Last week, I got word that a dear, long-time friend from the Big Island was dying.
Life is full of surprises, some more jolting than others. This was one that struck me to the core. I was asked to send a poem — instead I hopped a flight. I knew from the beginning this would be a bittersweet trip back in time.
In the ‘70s, I had the good fortune of landing a teaching job at Hawaii Preparatory Academy on the island of Hawaii, Big Island as it’s called. Mauna Kea (the white mountain) was perched to my right as we drifted down in a small plane to the Waimea-Kohala Airport. The dry landscape was streaked with black lava, scrubby pili grass, and unpopulated open space. From what I could see, it was a desert.
“This is Hawaii?” I asked myself. It looked like I’d just gone up in the air and, by some mistake, had simply circled back to the Yakima desert where I grew up. Little did I know the secret beauties that would to be revealed to me.
In 1974, Mauna Kea was the site of the first large telescope being built by a team of engineers from Canada, France, and Hawaii (http://www.cfht.hawaii.edu/en/about/). So though it appeared that I’d landed in the middle of nowhere, this “nowhere” was filled with whiz-bang-smart international scientists; a rich Pan-Asian culture of amazing food, music, dance, art; and — soon — the kind of friends one can only make in the first chapter of one’s adult life, when feelings run deep, experimentation is the rule, and the developing self is still exquisitely permeable to the imprint of others.
During my first year on Big Island I met Jim Rhodes and his then wife Martie Buchanan, artists visiting our boarding school, my new home. Jim, Martie, and daughter Tiare were building a geodesic dome in the rough-and-tumble area called Hawai’ian Acres, a development, which by all rights should never have existed as it was basically a flood plain for the upper reaches of Hilo, Keaau and Kurtistown.
To this day Hawai’ian Acres is largely the same: the same lava-rutted dirt roads; the same crazy array of homes; the same torrential downpours that trigger rivers fast flowing over this jungly watershed of lava fields. But during these 50 years, Jim and Martie, then Jim and wife of 30 years Sue Ellen, planted and tended their land to create their own island of paradisiacal beauty: Monstera deliciosa, gardenia, all types of orchids, flourishing Ohia, anthuriums, Bromeliads, bamboo, 30-plus types of palms, ferns, autograph tree, lauhala, Song of India, kukui nut, hapu, guava, waiwi, oranges, lemons, limes, ti, and lilikoi. (Even this is not an exhaustive list.)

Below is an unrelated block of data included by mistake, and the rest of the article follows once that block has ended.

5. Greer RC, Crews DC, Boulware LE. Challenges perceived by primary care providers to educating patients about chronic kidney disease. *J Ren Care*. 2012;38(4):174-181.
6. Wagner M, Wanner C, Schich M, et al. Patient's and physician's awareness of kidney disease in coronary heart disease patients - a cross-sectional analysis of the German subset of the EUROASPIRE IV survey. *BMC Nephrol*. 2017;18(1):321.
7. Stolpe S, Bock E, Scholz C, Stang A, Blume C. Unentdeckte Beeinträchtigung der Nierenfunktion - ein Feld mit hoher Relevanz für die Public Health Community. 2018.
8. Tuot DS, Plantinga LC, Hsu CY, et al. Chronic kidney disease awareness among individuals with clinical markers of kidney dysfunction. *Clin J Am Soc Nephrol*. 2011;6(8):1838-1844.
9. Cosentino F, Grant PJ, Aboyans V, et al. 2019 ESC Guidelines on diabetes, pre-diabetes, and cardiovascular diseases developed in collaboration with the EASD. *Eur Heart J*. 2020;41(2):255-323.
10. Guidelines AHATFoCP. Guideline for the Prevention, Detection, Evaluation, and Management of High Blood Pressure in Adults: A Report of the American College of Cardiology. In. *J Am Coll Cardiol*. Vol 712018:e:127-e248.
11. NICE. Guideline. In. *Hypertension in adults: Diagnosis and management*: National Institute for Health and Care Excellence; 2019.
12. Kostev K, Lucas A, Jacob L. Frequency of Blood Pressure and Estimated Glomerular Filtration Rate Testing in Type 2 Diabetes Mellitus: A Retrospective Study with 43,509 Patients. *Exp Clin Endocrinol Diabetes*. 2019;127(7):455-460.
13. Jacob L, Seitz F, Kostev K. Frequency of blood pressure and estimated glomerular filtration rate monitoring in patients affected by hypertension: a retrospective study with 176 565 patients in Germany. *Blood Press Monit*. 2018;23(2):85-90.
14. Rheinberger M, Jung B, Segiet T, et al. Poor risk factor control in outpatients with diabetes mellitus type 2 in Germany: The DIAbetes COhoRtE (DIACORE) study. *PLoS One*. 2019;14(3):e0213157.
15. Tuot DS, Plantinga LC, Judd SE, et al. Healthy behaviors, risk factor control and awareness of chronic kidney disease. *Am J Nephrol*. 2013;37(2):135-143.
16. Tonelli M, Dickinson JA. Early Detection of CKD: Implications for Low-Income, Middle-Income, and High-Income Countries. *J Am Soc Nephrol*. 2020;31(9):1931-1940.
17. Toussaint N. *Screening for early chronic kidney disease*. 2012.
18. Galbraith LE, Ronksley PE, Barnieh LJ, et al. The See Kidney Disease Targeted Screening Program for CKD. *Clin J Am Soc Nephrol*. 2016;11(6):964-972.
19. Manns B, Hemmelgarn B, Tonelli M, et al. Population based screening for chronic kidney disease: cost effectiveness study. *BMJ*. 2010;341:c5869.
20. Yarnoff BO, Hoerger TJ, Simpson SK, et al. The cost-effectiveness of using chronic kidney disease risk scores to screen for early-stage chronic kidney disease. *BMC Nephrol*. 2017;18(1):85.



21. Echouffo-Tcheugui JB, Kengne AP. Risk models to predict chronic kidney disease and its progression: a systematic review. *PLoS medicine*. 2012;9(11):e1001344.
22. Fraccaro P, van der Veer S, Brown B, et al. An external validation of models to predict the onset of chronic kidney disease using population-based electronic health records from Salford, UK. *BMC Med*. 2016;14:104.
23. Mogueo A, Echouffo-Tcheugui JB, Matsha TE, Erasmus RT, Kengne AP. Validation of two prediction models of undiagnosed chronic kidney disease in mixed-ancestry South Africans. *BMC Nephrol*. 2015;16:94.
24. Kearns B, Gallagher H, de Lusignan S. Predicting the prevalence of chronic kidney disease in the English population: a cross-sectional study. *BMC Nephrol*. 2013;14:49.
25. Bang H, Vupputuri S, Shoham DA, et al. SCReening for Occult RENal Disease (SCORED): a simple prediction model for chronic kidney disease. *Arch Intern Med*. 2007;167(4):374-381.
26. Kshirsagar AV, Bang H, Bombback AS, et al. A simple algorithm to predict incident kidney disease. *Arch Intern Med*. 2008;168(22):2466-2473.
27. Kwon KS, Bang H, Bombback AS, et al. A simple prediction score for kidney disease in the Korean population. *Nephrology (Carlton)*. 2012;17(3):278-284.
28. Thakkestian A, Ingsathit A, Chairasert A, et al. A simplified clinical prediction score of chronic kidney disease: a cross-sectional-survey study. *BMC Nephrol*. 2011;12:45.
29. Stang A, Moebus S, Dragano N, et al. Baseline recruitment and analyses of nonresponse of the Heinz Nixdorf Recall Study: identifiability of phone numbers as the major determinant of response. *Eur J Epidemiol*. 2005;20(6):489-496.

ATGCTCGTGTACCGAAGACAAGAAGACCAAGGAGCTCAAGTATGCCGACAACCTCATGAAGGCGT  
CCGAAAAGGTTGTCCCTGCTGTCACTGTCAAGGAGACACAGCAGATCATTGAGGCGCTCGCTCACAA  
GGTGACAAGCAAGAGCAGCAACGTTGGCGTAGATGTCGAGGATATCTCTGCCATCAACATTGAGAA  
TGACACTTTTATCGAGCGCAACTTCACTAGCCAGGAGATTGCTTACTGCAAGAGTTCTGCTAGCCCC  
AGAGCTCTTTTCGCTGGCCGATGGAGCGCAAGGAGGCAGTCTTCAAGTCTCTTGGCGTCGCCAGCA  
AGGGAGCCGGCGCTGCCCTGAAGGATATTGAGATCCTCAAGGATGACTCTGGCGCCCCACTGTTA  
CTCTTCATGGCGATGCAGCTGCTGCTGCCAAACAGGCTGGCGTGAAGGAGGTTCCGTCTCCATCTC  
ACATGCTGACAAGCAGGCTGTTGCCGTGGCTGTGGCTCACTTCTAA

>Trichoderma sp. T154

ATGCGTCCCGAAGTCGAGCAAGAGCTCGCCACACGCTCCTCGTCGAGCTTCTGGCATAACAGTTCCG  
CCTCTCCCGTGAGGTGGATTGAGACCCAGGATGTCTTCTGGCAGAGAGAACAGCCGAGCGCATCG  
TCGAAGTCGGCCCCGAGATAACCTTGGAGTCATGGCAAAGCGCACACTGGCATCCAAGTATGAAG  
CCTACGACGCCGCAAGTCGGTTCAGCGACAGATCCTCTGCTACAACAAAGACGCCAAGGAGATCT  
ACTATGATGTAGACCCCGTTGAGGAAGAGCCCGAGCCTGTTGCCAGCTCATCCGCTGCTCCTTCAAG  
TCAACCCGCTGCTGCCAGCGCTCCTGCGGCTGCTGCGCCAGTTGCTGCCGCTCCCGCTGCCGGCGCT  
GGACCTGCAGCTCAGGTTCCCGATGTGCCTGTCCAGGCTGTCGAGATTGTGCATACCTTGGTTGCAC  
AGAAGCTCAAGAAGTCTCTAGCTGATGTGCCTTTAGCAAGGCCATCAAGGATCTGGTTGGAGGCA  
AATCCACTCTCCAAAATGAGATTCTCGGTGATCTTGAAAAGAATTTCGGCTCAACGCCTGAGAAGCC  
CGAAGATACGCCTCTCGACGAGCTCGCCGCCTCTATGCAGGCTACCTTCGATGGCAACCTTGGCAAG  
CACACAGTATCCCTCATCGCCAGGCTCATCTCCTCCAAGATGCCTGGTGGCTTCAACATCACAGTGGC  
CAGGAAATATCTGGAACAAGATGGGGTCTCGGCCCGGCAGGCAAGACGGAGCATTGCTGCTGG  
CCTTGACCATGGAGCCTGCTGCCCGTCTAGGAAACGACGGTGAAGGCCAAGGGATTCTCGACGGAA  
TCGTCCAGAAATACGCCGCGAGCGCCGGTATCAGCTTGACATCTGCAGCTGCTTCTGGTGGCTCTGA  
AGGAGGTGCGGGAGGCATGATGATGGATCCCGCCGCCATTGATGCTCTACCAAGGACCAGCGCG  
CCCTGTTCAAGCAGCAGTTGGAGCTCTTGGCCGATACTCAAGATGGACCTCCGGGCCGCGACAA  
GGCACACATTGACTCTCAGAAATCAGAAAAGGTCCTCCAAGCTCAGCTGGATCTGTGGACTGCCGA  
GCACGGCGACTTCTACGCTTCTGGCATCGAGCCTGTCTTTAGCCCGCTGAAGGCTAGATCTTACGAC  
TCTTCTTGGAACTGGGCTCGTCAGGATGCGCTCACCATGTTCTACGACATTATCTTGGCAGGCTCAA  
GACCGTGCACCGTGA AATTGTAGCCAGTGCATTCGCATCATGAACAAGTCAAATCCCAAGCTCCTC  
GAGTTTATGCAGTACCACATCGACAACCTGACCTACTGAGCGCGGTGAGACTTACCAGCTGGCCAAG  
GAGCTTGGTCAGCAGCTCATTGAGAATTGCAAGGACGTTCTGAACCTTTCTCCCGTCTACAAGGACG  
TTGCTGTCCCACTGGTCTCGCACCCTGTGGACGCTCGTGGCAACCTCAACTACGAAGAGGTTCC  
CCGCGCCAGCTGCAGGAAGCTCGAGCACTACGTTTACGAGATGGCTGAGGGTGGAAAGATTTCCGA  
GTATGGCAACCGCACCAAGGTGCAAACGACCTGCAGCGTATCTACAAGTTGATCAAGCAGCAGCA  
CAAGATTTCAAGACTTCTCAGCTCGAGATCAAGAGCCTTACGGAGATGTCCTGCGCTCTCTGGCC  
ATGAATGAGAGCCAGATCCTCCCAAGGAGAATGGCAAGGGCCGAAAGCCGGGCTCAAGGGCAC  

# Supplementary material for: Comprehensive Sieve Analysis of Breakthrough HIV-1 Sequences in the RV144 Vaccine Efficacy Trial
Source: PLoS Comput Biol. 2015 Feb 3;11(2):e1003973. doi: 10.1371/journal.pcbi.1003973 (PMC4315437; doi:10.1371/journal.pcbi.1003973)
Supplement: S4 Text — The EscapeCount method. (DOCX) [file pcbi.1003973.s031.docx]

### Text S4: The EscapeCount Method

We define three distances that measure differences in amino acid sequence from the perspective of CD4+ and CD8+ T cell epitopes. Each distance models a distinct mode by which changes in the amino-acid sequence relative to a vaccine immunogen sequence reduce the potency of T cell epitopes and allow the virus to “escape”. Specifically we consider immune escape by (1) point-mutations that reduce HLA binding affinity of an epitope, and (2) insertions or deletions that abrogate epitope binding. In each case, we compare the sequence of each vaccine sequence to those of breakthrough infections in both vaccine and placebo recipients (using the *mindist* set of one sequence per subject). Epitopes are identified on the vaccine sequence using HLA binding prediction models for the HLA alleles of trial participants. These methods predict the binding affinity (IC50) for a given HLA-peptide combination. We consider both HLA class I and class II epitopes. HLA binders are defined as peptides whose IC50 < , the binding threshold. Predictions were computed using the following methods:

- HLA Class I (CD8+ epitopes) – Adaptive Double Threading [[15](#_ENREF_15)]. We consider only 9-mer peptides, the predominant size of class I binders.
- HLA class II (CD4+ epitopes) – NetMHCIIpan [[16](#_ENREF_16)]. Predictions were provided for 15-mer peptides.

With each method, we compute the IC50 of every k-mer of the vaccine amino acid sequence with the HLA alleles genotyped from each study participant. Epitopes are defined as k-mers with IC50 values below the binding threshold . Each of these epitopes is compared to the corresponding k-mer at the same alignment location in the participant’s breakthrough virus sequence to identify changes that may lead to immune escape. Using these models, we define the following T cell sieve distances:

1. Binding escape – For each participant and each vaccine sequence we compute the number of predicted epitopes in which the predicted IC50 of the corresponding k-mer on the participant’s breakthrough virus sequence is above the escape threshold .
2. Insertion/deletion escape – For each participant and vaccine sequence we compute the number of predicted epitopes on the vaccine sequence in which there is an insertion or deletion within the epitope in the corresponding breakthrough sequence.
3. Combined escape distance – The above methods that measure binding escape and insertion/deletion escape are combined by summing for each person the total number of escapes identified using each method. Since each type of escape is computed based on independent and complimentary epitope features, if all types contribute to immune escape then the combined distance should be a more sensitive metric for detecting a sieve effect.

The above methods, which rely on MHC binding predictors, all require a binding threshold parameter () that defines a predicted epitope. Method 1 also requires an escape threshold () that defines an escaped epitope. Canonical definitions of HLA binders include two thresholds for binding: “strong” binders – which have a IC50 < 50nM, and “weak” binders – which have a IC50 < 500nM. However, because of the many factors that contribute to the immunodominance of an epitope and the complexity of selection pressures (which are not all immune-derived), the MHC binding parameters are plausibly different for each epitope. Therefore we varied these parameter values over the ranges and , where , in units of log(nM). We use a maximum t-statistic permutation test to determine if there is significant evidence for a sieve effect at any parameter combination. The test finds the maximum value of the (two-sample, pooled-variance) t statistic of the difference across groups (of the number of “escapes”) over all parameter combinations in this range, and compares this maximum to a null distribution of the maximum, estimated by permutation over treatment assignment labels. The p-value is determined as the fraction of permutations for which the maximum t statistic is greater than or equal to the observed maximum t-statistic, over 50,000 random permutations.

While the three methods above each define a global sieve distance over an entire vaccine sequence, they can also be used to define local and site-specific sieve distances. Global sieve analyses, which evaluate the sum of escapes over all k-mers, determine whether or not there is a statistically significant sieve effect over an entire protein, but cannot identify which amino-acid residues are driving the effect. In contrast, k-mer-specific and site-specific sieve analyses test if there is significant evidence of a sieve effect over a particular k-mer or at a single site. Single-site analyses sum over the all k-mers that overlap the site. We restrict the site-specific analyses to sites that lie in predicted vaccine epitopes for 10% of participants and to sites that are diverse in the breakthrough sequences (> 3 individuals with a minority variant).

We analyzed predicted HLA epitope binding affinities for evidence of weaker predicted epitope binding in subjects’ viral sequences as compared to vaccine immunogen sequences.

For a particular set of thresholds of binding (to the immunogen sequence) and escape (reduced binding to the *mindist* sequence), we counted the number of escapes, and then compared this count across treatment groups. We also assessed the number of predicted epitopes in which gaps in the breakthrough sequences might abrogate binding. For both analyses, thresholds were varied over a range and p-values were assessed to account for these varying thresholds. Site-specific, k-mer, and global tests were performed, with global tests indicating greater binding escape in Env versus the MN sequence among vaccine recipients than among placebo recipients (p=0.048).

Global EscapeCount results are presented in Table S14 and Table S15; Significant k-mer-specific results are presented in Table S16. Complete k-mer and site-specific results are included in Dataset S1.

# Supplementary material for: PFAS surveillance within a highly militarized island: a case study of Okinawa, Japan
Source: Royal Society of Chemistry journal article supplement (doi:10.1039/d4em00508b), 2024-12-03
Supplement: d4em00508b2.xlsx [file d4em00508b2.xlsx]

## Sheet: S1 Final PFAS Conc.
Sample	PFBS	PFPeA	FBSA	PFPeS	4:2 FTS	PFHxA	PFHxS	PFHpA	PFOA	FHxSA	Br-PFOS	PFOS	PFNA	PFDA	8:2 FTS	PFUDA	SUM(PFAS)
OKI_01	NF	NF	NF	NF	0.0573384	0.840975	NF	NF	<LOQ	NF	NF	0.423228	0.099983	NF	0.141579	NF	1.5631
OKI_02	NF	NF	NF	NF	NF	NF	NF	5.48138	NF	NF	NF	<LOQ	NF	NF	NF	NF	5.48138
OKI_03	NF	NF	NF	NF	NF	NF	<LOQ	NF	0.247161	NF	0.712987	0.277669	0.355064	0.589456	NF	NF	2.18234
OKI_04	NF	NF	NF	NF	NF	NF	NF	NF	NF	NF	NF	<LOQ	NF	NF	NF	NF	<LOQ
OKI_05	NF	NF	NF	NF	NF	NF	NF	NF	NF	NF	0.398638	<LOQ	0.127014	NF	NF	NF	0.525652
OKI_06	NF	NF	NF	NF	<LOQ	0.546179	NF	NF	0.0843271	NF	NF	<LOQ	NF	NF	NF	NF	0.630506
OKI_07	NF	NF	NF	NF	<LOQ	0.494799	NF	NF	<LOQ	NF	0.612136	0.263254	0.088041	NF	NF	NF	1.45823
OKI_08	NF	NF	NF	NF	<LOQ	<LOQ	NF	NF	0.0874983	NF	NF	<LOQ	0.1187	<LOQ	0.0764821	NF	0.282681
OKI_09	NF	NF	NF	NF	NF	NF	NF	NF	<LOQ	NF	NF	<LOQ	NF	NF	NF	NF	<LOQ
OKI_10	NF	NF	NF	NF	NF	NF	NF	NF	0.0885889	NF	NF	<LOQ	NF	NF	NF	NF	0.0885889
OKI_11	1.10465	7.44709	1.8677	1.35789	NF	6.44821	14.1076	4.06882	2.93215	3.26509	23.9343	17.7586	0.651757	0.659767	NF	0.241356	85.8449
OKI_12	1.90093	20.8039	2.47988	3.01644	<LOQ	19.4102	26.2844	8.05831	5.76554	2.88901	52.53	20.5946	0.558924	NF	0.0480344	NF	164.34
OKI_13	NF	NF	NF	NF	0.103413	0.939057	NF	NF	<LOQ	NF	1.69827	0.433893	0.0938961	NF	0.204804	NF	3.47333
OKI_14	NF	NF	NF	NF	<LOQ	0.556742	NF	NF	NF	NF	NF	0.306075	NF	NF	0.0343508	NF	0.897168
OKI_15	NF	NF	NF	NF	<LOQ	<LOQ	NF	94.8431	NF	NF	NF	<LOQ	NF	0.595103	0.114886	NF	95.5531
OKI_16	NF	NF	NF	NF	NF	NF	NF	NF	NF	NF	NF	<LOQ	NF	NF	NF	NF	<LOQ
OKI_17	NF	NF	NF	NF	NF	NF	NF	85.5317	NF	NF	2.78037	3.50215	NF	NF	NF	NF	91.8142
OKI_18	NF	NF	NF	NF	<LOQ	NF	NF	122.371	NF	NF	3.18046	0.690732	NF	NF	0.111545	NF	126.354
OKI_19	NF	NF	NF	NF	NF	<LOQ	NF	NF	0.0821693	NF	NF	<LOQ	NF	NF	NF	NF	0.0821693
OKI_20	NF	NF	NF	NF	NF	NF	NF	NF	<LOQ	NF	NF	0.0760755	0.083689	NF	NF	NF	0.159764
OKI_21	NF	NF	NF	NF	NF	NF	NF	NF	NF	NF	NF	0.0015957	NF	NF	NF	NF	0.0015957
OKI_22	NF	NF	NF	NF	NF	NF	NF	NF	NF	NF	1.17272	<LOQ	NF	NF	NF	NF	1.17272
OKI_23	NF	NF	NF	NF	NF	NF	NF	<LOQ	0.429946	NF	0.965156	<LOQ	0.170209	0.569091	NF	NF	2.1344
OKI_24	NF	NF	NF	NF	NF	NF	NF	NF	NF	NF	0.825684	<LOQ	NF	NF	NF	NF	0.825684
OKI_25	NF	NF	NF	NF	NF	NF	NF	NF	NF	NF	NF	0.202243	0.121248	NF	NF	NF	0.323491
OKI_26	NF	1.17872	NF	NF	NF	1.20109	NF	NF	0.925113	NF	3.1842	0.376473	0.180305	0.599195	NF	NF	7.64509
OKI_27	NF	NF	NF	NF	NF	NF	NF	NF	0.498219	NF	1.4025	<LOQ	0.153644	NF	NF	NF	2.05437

My friendships with Jim, Martie, and Sue Ellen also flourished. Despite infrequent visits, we’ve been the kinds of friends who simply pick up where we’ve left off, no matter the distance in miles or months. So when I got the email from Martie that Jim was suffering from late stage progressive supranuclear palsy (PSP), there was no question about my going.
Touching down felt so familiar. Big Island is big! — bigger than all the other islands put together. So though I was first dismayed about Waimea’s dry side when I flew over all those many years ago, the upper slopes of Hilo average 240 inches of rain annually. Hawaii has a rich diversity of ecosystems and geology: fern forests; Ohia groves; lava tubes; Japanese gardens; dramatic gulches; acres of grazing land; natural hot pools; waterfalls; black, white, and green sandy beaches; and, of course, Madame Pele, the goddess of the volcano, who’s been working overtime transforming the landscape since the beginning of time. In short, I felt like I was coming home.